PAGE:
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By Samantha Hargreaves, BSc

The global explosion in the availability and use of various forms of social media is having a major impact on how many of us see ourselves and others.  Researchers have found that frequent use of image-laden social media in particular, such as Instagram, is correlated with a negative impact on users’ self-esteem.

This is not just an issue for women affected by images promoting specific body types as the criteria for female beauty, it is now impacting increasingly upon men.  A surprisingly high proportion of men now report being dissatisfied and preoccupied with concerns about their appearance – one American study found this to be as high as 43%, a figure that has reportedly tripled in the past 25 years.

The Broken Mirror

Self-esteem is a powerful and important psychological factor in mental health and well-being, developed and maintained through a psychological dynamic between how we perceive and value ourselves according to a particular set of criteria or ‘values’.  The criteria we use varies according to socio-cultural context and ‘norms’, as well as our own individual values – and this is where the powerful influence of social media images promoting particular cultural notions of masculinity can have in insidious effect on the self-esteem of men, with worrying and sometimes very serious consequences for their physical and mental health.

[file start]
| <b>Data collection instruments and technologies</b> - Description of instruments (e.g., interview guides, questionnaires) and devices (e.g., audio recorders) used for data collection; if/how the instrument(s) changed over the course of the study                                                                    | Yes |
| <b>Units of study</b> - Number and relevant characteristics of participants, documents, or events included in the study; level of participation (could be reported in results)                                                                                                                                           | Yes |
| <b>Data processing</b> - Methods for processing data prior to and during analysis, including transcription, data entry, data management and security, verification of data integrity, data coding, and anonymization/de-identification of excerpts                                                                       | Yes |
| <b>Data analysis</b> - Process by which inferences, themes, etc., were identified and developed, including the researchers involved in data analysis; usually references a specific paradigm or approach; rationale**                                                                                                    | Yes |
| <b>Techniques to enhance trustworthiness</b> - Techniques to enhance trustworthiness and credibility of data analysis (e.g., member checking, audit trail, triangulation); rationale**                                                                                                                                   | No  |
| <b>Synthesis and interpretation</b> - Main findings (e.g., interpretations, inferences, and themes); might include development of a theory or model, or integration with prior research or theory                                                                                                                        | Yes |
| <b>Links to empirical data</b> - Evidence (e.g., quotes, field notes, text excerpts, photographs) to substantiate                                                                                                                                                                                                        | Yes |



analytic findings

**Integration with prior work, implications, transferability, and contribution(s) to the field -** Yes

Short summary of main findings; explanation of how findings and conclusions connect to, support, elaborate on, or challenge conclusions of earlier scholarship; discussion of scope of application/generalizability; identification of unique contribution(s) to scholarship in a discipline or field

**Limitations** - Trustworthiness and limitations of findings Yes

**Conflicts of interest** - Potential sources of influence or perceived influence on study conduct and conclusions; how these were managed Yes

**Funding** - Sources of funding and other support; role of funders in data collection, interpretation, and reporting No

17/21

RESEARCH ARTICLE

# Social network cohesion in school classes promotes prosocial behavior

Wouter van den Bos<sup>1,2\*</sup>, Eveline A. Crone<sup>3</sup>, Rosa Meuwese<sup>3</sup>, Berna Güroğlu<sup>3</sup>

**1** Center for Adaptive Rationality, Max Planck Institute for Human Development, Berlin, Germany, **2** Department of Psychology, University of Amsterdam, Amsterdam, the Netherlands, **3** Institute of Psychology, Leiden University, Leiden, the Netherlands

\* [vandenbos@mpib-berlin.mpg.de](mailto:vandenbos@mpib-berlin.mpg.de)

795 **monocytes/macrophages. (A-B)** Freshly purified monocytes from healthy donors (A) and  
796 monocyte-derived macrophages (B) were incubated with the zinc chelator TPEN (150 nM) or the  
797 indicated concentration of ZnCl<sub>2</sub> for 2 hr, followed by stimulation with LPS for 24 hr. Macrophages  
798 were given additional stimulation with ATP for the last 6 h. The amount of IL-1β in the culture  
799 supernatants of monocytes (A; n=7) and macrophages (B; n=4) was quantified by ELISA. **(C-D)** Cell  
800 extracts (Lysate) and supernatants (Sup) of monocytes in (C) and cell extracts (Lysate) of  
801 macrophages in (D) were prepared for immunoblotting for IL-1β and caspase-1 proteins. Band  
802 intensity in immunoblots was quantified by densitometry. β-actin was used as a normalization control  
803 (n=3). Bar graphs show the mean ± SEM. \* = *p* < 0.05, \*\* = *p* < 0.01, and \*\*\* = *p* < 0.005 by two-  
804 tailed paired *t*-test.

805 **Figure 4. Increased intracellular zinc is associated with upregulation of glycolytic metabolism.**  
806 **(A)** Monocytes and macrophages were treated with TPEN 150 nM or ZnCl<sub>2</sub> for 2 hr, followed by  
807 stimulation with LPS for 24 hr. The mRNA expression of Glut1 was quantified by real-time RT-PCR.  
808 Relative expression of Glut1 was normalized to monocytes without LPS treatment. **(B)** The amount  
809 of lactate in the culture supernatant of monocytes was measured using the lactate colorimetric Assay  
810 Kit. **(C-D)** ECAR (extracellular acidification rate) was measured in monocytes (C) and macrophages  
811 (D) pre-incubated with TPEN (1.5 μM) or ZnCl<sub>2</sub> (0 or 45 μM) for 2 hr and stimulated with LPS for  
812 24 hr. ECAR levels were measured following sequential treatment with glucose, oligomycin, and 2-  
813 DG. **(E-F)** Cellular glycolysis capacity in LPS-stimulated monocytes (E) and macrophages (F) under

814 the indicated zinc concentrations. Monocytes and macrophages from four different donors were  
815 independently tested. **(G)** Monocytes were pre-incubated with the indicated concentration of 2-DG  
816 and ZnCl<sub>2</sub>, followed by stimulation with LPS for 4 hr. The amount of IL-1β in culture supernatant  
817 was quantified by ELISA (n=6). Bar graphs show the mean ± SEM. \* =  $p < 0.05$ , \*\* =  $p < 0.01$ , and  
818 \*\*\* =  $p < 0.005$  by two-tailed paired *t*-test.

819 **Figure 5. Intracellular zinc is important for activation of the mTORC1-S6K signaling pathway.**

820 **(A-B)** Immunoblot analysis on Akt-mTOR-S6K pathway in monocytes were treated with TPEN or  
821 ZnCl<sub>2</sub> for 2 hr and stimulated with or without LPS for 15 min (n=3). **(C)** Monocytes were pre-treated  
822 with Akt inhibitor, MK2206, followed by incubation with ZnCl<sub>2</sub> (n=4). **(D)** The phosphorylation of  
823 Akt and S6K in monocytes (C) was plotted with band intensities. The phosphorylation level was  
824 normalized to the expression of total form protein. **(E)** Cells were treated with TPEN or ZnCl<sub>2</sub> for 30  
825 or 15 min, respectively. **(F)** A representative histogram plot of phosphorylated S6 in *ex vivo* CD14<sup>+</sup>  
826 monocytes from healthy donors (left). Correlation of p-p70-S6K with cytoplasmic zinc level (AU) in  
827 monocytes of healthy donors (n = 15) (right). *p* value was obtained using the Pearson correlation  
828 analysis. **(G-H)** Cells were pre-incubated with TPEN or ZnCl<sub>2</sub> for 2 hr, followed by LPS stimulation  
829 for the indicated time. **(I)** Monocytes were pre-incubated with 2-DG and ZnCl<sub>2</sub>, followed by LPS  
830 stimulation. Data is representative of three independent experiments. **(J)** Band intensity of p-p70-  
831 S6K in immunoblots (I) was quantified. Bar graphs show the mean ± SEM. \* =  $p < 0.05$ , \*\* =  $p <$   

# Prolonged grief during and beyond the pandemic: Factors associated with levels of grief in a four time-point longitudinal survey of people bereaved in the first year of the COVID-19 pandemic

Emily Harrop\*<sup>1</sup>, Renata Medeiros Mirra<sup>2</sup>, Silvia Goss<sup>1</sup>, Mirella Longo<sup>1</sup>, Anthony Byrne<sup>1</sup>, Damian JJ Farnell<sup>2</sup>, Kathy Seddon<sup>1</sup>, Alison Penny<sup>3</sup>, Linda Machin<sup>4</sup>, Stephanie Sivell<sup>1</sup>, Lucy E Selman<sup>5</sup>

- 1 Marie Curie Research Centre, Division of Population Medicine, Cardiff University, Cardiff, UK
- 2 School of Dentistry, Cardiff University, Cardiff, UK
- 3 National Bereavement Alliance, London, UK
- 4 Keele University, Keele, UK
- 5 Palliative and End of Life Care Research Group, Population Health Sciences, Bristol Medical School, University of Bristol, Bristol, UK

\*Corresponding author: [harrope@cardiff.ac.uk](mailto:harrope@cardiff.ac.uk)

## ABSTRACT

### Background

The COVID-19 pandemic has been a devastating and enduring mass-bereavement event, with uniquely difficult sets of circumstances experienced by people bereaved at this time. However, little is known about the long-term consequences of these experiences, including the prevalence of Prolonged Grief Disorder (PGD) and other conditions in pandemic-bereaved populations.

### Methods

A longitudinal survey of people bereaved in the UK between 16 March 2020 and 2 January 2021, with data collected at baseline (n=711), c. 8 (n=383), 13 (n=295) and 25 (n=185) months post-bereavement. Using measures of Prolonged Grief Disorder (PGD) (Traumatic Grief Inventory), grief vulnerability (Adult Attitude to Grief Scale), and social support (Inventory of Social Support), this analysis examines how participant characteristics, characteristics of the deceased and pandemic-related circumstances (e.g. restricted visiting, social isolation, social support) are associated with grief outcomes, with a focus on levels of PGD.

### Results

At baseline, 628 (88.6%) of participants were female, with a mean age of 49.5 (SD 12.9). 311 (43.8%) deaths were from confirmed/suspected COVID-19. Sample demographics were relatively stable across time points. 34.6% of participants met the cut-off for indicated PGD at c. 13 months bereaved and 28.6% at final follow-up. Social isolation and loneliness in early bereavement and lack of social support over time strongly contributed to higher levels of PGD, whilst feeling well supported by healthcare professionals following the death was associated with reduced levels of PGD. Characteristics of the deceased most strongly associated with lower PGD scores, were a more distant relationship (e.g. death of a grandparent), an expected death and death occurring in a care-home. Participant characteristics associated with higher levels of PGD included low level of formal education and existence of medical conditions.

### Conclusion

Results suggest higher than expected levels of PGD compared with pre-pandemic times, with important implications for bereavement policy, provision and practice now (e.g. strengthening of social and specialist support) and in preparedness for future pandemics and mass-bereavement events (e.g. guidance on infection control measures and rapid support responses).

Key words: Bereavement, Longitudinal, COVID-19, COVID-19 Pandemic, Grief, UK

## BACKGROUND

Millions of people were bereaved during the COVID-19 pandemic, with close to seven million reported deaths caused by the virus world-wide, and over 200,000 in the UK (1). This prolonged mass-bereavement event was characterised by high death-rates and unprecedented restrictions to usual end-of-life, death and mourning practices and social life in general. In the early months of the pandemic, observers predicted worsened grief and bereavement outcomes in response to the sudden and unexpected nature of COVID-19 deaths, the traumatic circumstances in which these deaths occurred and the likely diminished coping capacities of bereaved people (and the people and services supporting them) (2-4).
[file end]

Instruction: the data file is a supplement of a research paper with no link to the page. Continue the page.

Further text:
Body dysmorphic disorder affects as many men as it does women – it is a severe psychological disorder within the obsessive-compulsive spectrum, characterized by the obsessive idea that some aspect of one’s own body or appearance is severely flawed or abnormal and requires exceptional measures to hide or fix it.  Thoughts about the dysmorphia are pervasive, intrusive and highly distressing, often occupying several hours a day, and can lead to debilitating levels of anxiety, depression and social withdrawal.

Muscle dysmorphia – sometimes dubbed “bigorexia” or “maxorexia” – is a recently identified form of eating disorder that affects primarily men. It is characterised by the delusional and obsessional belief that one’s body is too small, too skinny or insufficiently muscular, and in the majority of cases the individual’s build is within a normal range or even large and muscular already. Men suffering with muscle dysmorphia become obsessed with muscle building and extreme dieting in the attempt to achieve a bigger and more muscular physique, devoting the focus of their lives in the pursuit of the perfect body. Compulsive working out at the gym is common, often involving extreme, punishing and very time-consuming physical programmes.  Of particular concern, muscle dysmorphia may lead to potentially dangerous abuse of anabolic steroids.

As stated recently in Men’s Health magazine in its article ‘Muscle in the Age of Instagram’,

“Studies into fitspiration show that, regardless of the earnestness with which fitness influencers talk about training for health, it is ultimately the way they look that attracts followers… and the bigger your body, the larger your following.”

Although the majority of men will not develop preoccupation with their appearance as severely debilitating and distressing as body or muscle dysmorphia, research shows that the impact of image-laden social media is undoubtedly having a negative effect on the self-esteem of an increasingly large proportion.